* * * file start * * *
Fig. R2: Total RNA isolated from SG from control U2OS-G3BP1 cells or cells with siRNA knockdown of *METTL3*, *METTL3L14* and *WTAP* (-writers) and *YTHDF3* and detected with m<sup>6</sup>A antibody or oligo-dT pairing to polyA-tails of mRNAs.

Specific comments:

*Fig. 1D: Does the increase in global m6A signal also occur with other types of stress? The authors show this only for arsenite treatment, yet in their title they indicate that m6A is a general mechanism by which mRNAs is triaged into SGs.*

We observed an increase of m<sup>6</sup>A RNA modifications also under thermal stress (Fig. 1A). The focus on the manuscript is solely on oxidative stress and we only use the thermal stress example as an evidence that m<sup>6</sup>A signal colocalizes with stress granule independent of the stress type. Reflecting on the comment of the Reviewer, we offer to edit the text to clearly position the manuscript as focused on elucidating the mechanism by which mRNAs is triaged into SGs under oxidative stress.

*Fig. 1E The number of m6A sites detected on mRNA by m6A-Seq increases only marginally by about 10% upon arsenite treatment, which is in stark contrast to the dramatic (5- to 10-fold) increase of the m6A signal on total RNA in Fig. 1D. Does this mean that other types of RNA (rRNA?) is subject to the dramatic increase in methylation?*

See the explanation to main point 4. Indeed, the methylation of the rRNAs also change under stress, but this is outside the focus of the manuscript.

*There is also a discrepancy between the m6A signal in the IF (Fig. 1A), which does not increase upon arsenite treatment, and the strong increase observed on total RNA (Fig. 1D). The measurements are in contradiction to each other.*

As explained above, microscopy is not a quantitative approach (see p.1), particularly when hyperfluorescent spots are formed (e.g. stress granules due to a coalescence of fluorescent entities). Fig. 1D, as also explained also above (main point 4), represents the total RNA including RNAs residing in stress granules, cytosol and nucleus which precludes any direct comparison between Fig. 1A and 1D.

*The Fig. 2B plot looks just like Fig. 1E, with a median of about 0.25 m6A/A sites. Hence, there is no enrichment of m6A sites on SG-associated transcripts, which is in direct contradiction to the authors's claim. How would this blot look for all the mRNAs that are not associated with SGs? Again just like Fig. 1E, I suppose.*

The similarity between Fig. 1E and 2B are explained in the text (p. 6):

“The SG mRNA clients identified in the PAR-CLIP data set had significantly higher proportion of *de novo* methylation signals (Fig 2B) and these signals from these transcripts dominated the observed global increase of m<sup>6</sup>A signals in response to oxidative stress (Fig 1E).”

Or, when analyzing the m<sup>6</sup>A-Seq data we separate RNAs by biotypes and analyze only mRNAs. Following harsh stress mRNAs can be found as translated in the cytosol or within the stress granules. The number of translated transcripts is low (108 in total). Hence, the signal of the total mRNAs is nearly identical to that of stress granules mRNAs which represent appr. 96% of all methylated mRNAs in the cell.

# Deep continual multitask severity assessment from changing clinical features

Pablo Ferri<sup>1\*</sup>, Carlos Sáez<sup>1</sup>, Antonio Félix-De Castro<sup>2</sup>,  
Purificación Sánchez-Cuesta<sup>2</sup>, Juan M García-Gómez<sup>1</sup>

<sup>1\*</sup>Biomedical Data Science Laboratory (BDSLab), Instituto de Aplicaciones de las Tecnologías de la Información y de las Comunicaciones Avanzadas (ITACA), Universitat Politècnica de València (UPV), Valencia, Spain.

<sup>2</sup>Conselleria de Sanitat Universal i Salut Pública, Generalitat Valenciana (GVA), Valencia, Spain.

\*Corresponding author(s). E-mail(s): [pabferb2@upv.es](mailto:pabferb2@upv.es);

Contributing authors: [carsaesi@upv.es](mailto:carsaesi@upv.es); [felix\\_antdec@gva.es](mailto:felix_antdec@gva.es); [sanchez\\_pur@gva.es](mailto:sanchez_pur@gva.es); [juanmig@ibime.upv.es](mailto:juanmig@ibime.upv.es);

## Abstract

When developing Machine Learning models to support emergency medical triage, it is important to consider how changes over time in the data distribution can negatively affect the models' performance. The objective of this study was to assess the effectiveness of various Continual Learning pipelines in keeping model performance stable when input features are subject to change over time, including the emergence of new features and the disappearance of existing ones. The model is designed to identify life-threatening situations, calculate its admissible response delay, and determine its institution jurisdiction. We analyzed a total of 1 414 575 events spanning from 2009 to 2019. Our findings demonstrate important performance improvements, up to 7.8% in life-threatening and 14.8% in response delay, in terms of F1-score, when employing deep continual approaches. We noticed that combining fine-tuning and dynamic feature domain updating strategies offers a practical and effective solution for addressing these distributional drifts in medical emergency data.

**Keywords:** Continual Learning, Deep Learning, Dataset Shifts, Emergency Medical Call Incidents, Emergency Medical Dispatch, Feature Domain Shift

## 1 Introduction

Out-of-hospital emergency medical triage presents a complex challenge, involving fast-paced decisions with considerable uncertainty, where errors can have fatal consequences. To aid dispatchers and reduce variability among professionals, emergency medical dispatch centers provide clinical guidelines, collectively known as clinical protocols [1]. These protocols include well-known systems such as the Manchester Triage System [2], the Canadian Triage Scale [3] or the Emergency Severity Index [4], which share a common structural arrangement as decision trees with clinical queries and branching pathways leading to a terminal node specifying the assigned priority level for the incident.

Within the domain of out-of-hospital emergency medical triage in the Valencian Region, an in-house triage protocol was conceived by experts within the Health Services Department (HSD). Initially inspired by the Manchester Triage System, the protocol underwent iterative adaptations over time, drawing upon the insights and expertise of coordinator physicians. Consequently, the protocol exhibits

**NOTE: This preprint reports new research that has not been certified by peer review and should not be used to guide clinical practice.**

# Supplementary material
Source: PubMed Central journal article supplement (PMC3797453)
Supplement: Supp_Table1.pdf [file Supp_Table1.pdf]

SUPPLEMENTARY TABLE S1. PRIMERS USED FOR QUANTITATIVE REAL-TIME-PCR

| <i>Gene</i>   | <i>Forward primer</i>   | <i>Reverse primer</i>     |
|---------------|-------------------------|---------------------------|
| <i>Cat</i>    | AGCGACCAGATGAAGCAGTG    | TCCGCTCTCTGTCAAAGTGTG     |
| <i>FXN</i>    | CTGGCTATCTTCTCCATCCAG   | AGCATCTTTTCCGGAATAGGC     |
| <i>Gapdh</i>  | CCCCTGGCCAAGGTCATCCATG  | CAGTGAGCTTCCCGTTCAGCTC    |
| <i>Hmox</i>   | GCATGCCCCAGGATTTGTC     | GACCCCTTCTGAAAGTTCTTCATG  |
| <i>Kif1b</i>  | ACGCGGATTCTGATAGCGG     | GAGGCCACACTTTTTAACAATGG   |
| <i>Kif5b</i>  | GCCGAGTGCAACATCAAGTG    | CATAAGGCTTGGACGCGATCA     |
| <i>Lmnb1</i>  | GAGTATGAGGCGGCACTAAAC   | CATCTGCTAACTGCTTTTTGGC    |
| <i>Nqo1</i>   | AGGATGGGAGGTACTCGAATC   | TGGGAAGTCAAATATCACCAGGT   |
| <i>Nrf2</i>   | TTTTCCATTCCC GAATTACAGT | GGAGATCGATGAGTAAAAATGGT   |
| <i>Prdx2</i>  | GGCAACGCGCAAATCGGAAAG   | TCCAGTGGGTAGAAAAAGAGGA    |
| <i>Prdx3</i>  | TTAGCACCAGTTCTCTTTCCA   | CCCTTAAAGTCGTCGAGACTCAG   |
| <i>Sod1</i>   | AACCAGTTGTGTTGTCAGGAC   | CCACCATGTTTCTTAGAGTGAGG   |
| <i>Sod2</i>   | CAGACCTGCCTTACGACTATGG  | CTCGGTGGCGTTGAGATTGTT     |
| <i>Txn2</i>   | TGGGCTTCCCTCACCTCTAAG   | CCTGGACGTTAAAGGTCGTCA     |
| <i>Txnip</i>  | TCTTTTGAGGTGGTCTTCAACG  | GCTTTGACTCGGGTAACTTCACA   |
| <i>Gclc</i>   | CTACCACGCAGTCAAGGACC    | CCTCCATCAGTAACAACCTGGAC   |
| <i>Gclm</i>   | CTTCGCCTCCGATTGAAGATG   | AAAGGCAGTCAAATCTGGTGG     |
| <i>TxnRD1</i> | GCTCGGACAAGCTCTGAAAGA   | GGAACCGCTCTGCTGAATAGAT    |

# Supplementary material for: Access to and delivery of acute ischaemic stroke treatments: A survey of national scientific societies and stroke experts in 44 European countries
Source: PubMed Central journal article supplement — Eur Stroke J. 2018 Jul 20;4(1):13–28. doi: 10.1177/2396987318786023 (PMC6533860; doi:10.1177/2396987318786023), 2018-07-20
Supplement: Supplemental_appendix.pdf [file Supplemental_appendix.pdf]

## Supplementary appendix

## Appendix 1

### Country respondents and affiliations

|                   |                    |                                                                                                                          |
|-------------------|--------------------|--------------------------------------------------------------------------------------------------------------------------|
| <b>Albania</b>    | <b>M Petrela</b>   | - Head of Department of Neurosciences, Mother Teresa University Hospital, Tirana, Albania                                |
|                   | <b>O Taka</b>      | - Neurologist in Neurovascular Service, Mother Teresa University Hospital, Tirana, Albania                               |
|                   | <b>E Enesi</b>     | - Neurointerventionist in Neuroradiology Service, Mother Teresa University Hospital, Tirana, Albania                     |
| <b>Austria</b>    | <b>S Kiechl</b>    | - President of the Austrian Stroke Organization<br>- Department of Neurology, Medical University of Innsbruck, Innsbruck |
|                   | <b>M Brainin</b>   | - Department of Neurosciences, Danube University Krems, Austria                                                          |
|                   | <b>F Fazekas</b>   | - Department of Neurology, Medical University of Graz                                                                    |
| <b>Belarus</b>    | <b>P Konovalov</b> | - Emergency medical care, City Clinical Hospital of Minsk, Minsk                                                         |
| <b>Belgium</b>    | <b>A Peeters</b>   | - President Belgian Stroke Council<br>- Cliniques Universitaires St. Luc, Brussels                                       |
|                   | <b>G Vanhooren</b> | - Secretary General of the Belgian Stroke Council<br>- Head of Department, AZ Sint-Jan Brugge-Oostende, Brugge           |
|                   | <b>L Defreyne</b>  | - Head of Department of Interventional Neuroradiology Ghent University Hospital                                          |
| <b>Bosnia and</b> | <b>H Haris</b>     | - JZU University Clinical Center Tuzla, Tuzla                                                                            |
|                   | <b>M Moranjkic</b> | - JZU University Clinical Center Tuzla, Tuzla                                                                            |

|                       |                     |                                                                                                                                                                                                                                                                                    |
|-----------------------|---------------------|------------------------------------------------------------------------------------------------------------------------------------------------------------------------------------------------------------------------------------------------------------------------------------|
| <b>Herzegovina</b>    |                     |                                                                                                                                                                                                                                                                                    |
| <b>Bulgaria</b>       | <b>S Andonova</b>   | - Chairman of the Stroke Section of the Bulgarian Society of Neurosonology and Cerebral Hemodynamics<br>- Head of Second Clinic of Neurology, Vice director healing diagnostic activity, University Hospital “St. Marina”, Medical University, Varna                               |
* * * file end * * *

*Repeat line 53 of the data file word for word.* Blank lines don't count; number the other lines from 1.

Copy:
Supplement: Supplemental_appendix.pdf [file Supplemental_appendix.pdf]